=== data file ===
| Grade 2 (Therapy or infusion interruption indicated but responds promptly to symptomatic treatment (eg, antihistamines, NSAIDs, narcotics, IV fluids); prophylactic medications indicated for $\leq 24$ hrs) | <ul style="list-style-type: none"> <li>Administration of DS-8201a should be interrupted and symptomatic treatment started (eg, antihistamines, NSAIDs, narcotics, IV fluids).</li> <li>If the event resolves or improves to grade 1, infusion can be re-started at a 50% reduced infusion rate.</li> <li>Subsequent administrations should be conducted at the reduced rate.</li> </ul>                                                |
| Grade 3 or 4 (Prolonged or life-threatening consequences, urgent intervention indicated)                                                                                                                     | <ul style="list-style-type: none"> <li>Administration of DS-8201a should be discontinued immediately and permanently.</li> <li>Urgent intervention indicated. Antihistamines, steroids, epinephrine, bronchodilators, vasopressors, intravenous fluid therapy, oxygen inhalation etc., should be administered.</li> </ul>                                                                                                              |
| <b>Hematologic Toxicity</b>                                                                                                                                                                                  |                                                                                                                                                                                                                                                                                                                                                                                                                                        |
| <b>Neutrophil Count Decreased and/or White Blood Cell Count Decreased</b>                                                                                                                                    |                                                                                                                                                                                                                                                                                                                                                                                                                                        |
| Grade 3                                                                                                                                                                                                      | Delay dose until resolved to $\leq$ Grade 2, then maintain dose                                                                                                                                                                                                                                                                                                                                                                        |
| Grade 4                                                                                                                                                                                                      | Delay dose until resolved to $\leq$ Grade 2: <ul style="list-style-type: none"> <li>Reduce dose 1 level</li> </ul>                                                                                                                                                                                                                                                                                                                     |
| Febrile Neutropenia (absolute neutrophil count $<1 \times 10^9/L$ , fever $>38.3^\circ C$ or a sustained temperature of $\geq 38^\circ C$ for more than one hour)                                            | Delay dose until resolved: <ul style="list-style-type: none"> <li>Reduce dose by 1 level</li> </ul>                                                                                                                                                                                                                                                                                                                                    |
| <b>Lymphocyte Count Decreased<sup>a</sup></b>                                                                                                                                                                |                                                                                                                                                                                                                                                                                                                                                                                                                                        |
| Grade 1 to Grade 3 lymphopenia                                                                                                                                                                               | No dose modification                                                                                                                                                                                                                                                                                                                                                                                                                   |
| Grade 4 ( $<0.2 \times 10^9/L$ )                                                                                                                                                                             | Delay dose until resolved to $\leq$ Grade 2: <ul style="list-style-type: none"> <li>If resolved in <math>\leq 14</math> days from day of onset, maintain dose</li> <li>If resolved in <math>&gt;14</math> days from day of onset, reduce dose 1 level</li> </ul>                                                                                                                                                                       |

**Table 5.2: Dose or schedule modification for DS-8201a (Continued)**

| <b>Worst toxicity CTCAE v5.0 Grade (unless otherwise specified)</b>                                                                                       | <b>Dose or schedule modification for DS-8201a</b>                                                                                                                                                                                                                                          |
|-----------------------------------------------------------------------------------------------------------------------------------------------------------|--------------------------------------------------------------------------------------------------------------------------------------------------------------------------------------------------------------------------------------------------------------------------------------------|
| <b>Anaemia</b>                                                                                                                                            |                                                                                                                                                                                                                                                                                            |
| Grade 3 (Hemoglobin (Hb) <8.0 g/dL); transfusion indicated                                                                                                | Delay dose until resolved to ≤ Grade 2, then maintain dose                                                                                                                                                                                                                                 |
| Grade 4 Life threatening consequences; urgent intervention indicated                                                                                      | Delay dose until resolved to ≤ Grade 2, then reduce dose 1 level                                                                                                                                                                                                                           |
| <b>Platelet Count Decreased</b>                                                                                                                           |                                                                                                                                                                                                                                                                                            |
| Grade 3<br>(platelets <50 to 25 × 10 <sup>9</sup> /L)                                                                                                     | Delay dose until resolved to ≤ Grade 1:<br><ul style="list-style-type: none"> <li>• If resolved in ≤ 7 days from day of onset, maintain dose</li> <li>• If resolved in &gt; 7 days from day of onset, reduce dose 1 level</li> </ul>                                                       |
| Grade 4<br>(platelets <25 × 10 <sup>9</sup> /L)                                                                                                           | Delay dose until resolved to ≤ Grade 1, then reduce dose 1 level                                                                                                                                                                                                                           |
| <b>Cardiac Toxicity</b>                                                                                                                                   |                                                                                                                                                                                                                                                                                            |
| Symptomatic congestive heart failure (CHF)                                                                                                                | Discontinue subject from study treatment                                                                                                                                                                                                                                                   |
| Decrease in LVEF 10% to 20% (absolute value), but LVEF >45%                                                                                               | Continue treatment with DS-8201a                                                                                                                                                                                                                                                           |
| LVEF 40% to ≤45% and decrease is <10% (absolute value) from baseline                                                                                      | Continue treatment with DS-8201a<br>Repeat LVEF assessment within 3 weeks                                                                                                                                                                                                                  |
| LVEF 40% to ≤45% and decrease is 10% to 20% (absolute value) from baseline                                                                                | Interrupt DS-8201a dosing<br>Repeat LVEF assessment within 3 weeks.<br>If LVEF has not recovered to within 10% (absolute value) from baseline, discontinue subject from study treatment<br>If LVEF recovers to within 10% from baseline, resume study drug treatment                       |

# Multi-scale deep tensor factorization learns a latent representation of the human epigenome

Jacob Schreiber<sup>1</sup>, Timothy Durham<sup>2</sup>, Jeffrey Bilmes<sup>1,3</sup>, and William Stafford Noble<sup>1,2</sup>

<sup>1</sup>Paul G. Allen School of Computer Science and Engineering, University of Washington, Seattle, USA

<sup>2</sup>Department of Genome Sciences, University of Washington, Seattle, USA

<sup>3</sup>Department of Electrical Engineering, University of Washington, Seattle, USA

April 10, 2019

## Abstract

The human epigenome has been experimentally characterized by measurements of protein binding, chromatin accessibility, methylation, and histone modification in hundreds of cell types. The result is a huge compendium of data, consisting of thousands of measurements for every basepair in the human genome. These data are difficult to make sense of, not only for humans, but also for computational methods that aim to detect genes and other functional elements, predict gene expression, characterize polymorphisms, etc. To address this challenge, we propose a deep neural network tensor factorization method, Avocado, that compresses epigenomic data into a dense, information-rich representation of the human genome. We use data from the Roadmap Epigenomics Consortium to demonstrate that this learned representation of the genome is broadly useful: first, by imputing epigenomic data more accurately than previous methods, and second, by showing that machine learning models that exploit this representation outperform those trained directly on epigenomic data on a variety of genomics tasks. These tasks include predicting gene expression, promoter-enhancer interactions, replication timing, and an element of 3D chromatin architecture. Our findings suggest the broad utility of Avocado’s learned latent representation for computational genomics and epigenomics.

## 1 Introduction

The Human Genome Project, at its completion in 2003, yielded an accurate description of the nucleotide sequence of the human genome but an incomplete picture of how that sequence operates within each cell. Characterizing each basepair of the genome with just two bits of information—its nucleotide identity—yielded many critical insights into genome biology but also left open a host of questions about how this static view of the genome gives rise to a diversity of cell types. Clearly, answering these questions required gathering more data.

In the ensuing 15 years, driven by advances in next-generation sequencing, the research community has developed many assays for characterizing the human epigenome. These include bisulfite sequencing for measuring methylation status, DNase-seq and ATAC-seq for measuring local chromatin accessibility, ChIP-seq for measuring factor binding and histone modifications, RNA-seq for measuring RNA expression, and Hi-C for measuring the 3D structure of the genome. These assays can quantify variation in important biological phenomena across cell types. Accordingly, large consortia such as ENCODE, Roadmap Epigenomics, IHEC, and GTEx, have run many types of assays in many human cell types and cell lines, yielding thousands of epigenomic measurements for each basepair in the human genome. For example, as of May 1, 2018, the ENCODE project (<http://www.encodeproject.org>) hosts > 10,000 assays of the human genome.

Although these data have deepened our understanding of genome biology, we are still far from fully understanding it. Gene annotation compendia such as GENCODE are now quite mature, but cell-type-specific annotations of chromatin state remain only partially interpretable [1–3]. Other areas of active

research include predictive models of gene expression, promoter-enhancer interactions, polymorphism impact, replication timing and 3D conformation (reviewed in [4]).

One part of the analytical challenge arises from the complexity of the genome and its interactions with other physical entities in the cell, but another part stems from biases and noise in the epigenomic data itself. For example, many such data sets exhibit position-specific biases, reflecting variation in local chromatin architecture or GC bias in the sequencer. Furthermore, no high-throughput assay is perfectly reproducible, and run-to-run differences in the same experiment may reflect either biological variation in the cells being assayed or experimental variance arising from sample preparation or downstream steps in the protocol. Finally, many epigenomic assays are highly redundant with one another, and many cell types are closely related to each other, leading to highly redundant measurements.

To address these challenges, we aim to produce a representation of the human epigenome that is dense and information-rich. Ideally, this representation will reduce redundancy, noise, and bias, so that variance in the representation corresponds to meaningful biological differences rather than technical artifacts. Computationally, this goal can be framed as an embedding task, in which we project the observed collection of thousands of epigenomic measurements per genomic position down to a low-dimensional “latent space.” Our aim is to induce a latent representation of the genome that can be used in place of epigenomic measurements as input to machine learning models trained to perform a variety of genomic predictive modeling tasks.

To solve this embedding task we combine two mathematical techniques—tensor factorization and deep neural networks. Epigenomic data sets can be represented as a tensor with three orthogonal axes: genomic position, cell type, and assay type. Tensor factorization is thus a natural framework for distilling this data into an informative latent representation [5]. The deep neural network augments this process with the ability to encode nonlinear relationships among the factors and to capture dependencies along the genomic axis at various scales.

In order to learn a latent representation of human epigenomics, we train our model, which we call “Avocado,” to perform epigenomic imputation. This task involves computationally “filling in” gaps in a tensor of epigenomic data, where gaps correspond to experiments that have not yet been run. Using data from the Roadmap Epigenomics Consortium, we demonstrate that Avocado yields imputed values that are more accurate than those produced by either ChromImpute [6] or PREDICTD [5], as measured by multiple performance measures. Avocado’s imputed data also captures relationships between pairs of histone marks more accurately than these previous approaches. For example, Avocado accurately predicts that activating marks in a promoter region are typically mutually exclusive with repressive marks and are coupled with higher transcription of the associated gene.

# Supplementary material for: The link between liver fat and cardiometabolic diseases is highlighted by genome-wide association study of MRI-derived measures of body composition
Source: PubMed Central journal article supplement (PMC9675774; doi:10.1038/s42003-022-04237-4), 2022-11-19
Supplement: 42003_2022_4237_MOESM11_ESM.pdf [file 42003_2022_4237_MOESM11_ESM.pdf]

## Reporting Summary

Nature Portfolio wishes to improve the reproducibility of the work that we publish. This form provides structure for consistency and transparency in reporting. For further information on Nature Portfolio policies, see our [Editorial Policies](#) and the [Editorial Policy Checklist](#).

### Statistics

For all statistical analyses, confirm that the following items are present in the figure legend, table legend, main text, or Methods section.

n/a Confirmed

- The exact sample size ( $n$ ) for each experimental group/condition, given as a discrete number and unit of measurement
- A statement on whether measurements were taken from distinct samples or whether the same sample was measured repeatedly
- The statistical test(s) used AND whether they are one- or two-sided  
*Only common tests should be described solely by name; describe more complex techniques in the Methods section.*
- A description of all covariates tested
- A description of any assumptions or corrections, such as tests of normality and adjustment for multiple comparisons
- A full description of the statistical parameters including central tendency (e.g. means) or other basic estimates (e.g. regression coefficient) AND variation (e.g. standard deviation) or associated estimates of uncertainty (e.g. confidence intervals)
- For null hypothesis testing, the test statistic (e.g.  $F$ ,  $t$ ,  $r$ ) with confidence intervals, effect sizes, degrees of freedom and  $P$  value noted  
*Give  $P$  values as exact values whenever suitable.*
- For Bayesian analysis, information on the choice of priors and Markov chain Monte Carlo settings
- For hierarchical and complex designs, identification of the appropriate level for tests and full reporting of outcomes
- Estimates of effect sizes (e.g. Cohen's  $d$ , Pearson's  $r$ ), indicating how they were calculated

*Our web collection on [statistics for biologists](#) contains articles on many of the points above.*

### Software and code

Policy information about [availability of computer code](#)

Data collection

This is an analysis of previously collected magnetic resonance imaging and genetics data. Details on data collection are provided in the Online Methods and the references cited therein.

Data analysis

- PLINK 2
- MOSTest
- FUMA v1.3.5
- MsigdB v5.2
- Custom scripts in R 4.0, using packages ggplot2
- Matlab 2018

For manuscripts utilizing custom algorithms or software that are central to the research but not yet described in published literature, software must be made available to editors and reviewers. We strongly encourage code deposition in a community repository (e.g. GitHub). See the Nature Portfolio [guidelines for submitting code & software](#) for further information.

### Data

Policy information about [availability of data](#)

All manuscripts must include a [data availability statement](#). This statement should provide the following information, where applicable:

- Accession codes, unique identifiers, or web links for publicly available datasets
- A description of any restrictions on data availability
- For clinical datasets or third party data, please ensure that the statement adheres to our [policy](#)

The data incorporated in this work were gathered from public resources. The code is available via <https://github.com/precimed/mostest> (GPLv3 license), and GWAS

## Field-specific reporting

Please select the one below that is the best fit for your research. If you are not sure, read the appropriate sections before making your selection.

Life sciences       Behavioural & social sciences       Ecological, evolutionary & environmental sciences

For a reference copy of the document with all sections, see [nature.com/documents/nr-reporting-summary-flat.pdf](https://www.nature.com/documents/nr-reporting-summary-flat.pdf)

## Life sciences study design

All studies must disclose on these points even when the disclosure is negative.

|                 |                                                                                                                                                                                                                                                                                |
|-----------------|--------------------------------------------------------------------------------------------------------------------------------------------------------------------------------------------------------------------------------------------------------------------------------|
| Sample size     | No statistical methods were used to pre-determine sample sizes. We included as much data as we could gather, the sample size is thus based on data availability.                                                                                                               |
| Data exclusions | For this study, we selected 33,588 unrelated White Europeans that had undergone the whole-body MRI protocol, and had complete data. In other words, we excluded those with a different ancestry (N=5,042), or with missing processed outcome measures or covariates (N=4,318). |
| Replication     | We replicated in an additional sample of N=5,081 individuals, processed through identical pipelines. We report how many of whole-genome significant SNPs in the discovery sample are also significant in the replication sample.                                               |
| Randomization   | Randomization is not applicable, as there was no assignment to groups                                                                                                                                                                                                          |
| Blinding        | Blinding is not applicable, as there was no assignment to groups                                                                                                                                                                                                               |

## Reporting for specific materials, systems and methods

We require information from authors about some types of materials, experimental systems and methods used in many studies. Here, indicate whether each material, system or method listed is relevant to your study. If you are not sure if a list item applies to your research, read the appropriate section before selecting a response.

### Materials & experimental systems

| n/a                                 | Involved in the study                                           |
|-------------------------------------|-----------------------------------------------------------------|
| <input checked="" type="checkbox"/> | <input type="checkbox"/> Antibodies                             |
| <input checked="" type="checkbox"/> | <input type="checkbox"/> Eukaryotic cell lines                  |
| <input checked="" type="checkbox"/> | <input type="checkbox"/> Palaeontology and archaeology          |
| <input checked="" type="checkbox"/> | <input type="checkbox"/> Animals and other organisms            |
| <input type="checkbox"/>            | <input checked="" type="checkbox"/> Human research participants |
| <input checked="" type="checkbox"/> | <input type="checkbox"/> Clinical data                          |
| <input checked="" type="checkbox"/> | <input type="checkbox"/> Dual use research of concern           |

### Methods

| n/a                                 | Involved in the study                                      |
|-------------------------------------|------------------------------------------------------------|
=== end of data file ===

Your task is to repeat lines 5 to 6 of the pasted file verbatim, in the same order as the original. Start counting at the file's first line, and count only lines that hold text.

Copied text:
| Grade 3                                                                                                                                                                                                      | Delay dose until resolved to $\leq$ Grade 2, then maintain dose                                                                                                                                                                                                                                                                                                                                                                        |
| Grade 4                                                                                                                                                                                                      | Delay dose until resolved to $\leq$ Grade 2: <ul style="list-style-type: none"> <li>Reduce dose 1 level</li> </ul>                                                                                                                                                                                                                                                                                                                     |